Australians love new technology. According to a global survey by Googlei, Australia has one of the highest smartphone penetrations in the world at 37 per cent – just behind Singapore – and we're also consuming more applications (apps) than the US or Britain. The research noted we're also leading the way in mobile banking, with Australians 65 per cent more likely than the British and 14 per cent more likely than Americans to conduct banking on our phones. And by 2016, mobile payments are expected to reach $US617 billion worldwide – that‟s nearly a sixfold increase from 2011 at $US105 billionii. That‟s because banking on your computer, tablet or smartphone is so convenient. You can do your banking when it suits you, not just when the branch doors are open. Banking from your office, the lounge room, when travelling and on holidays – being able to do your banking whenever and wherever you like, puts you in charge. Being able to check your balances, track your savings, set goals and make payments all help you cont ...
The ABA agrees with the Working Group that Australia should have an ambition to reduce its corporate tax rate over the medium term.
A lower rate would improve productivity, drive GDP growth and should lead to increased tax collections for the Government. And as banks are linked to Australia’s economic performance – GDP improvements could also benefit banks because businesses and individuals should increase their demand for banks’ products and services.
The purpose of this short paper is to respond to the recently released Technical Brief by The Australia Institute: The Australia Institute, The profit in home lending, Technical Brief No. 16, August 2012. It details the flaws in The Australia Institute's methodology. The ABA also issued a media release on the media reports which were based on The Australia Institute's technical brief.
The Australian Bankers' Association (ABA) provided comments to ASIC on Consultation Paper 178: Advertising credit products and advice services: Good practice guidance including the proposed Regulatory Guide. This submission sets out our general comments on the nature of the guidance. It then makes specific comments on the content of the consultation paper and proposals for additional good practice guidance and examples for advertising credit products and credit services.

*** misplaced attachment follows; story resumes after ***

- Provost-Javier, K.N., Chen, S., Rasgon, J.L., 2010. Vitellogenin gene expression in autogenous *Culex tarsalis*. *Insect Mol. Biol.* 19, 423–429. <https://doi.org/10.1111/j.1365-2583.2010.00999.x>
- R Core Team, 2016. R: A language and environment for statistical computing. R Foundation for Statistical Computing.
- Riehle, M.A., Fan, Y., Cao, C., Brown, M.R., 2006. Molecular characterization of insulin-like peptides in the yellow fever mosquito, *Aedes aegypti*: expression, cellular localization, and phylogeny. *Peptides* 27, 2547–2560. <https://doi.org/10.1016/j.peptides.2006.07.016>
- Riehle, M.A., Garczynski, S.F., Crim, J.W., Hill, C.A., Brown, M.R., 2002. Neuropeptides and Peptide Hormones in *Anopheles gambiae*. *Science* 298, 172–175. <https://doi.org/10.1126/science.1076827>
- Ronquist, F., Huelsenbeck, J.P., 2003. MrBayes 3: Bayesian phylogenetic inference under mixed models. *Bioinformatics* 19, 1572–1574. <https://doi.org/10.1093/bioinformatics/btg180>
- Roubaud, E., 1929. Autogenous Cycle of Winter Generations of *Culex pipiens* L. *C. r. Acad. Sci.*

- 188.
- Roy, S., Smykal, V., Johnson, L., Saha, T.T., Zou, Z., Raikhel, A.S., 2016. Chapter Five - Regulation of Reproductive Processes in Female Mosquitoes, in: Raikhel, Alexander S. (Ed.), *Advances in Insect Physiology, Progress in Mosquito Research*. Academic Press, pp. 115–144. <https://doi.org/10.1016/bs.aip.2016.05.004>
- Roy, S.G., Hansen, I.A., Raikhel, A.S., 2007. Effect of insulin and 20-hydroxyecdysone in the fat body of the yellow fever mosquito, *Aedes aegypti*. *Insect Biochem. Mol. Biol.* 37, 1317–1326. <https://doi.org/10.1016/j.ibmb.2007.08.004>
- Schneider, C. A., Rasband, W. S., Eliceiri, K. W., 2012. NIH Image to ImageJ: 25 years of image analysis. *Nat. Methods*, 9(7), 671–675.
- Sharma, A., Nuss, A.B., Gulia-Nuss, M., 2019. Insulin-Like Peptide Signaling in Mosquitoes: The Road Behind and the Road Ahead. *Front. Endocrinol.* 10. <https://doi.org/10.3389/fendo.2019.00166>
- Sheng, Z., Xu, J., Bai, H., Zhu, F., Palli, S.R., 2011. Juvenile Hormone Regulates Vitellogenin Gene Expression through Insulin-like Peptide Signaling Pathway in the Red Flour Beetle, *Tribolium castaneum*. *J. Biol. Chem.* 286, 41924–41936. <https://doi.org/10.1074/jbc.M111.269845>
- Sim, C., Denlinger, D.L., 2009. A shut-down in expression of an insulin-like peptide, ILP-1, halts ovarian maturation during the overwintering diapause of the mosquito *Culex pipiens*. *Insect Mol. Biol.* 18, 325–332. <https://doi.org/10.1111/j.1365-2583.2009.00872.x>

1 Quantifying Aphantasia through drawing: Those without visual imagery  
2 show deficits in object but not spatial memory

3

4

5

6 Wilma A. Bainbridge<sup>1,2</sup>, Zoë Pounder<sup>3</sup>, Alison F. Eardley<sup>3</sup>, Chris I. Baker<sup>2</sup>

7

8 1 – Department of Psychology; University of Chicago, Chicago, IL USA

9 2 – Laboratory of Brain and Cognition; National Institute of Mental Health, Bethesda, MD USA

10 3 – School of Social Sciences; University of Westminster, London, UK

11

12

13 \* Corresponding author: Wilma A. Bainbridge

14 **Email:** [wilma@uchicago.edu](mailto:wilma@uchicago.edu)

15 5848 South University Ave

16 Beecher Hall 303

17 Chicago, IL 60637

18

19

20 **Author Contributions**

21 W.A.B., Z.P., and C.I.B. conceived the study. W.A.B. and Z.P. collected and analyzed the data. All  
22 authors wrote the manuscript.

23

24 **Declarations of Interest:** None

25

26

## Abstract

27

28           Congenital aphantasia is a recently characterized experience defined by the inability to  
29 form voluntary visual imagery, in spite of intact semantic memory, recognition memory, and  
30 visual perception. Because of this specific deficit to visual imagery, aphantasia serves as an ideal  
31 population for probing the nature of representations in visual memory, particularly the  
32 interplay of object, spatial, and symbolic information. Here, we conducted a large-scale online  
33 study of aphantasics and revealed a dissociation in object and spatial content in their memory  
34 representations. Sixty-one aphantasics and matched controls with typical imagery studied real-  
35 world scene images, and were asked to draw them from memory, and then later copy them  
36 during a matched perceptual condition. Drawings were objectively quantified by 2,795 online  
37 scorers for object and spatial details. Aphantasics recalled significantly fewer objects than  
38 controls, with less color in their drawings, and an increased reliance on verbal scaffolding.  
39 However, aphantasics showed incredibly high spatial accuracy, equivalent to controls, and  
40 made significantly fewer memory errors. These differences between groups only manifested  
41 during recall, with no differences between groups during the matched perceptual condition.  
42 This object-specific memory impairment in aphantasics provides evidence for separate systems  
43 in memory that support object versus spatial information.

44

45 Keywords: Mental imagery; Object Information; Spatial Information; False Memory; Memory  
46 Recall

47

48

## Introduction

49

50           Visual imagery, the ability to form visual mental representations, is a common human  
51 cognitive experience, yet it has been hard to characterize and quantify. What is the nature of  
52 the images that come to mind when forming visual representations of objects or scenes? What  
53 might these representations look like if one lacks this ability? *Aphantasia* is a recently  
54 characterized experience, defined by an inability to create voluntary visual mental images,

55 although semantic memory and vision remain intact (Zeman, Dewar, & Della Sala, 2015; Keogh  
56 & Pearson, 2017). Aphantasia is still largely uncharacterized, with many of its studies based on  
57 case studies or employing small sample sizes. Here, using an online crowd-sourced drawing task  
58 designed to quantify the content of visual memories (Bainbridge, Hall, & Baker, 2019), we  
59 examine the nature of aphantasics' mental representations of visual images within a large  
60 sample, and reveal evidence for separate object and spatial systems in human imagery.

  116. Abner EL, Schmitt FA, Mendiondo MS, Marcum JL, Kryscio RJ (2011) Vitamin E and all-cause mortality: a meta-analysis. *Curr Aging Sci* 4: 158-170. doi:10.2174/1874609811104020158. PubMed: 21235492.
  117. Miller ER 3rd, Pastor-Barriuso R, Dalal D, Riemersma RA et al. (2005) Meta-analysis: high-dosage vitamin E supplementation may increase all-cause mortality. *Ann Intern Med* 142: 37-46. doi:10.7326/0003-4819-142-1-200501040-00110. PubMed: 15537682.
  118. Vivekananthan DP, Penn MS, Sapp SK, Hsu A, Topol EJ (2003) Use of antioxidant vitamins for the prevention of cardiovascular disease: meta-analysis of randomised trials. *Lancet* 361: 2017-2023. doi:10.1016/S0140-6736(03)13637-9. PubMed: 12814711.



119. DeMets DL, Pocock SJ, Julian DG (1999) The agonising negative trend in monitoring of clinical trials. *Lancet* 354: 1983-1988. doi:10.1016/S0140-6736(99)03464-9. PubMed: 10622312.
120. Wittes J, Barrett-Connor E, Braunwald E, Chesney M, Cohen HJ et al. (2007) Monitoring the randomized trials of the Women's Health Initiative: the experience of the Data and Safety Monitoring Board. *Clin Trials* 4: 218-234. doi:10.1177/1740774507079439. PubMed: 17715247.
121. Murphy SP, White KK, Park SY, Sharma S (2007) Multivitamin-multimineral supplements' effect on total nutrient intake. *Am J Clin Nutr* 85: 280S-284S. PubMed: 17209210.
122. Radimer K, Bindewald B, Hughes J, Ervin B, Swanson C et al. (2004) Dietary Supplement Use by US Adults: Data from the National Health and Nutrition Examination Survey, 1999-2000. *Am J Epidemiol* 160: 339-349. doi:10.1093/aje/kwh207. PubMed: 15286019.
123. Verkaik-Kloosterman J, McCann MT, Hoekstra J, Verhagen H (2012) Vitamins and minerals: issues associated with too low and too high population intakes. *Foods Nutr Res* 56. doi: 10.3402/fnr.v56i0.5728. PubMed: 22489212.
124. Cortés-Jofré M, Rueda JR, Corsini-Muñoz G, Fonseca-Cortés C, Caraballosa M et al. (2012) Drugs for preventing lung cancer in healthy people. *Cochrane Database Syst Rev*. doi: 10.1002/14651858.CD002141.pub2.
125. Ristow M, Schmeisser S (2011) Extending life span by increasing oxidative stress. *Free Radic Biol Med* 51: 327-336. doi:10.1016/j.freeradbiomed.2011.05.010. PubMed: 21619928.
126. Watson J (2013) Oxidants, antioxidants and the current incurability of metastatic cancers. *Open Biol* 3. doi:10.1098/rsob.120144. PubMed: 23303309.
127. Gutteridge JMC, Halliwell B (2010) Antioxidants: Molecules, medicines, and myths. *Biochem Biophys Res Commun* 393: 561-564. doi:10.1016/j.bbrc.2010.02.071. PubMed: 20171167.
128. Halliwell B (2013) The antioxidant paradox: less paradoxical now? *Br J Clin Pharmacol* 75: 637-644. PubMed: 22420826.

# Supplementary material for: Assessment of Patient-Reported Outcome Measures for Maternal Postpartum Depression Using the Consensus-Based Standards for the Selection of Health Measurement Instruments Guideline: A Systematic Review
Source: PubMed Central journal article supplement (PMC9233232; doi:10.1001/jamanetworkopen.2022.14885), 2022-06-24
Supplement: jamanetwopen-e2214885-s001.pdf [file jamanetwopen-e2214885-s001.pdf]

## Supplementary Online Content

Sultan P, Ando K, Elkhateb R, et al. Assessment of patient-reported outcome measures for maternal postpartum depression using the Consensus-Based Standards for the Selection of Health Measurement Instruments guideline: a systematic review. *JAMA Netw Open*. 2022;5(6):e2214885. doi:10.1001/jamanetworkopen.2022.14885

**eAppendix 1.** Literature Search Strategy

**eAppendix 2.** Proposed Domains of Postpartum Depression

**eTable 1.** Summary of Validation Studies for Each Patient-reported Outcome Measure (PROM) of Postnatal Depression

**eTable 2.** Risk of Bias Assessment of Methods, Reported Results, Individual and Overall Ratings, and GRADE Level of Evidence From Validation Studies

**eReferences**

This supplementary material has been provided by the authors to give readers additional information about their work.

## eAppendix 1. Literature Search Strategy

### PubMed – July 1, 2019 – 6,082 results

There are a number of changes outlined in the Regulation that will have a significant effect on the way financial institutions do business, and the ABA provided detailed comments in the submission. However the ABA is particularly concerned about the proposal to introduce the term ‘citizen’ into the Regulation,the introduction of which will have far reaching consequences for Iranian nationals and the financial services industry
The ABA would like to see a change to the Income Tax Assessment Act 1997 (ITAA) in order to mitigate adverse commercial consequences for Australian ADIs and non-operating holding companies (NOHCs) and other regulated financial institutions, from 1 January 2013, as a result of changes to prudential capital standards.
The Privacy Amendment (Enhancing Privacy Protection) Bill 2012 (Bill) that includes the single national Australian Privacy Principles (APPs) with the addition of a more comprehensive credit reporting regime are welcome and timely developments towards a more seamless and nationally focused Australian privacy regime. The ABA has provided comments on the proposed privacy reforms in the Bill, in particular on the APPS.
The Australian Bankers’ Association (ABA) welcomes the opportunity to provide feedback on the Australian and New Zealand Productivity Commissions’ joint paper, ‘Strengthening economic relations between Australia and New Zealand’ (joint paper).